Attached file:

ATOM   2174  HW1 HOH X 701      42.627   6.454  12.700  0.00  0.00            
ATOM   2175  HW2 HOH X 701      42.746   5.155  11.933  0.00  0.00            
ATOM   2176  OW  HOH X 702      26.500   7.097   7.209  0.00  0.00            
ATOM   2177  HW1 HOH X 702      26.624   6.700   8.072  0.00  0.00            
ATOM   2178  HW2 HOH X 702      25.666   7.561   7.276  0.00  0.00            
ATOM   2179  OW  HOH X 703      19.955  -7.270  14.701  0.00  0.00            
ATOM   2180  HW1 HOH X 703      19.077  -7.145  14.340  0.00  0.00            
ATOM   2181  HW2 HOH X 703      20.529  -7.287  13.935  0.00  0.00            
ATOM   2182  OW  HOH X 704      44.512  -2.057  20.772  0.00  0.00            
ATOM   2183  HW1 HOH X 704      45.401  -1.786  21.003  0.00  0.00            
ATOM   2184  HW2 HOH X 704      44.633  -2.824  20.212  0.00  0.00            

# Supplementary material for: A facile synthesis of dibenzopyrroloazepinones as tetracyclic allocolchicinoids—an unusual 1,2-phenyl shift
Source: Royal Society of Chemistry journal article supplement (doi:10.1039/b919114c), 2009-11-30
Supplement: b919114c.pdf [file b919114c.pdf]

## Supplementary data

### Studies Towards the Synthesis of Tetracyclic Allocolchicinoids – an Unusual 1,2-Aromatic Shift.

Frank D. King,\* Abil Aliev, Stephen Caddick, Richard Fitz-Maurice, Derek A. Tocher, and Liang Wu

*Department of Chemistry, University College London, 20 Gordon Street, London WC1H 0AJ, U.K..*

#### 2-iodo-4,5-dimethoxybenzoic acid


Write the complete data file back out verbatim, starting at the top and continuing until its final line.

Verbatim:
ATOM   2174  HW1 HOH X 701      42.627   6.454  12.700  0.00  0.00            
ATOM   2175  HW2 HOH X 701      42.746   5.155  11.933  0.00  0.00            
ATOM   2176  OW  HOH X 702      26.500   7.097   7.209  0.00  0.00            
ATOM   2177  HW1 HOH X 702      26.624   6.700   8.072  0.00  0.00            
ATOM   2178  HW2 HOH X 702      25.666   7.561   7.276  0.00  0.00            
ATOM   2179  OW  HOH X 703      19.955  -7.270  14.701  0.00  0.00            
ATOM   2180  HW1 HOH X 703      19.077  -7.145  14.340  0.00  0.00            
ATOM   2181  HW2 HOH X 703      20.529  -7.287  13.935  0.00  0.00            
ATOM   2182  OW  HOH X 704      44.512  -2.057  20.772  0.00  0.00            
ATOM   2183  HW1 HOH X 704      45.401  -1.786  21.003  0.00  0.00            
ATOM   2184  HW2 HOH X 704      44.633  -2.824  20.212  0.00  0.00            

# Supplementary material for: A facile synthesis of dibenzopyrroloazepinones as tetracyclic allocolchicinoids—an unusual 1,2-phenyl shift
Source: Royal Society of Chemistry journal article supplement (doi:10.1039/b919114c), 2009-11-30
Supplement: b919114c.pdf [file b919114c.pdf]

## Supplementary data

### Studies Towards the Synthesis of Tetracyclic Allocolchicinoids – an Unusual 1,2-Aromatic Shift.

Frank D. King,\* Abil Aliev, Stephen Caddick, Richard Fitz-Maurice, Derek A. Tocher, and Liang Wu

*Department of Chemistry, University College London, 20 Gordon Street, London WC1H 0AJ, U.K..*

#### 2-iodo-4,5-dimethoxybenzoic acid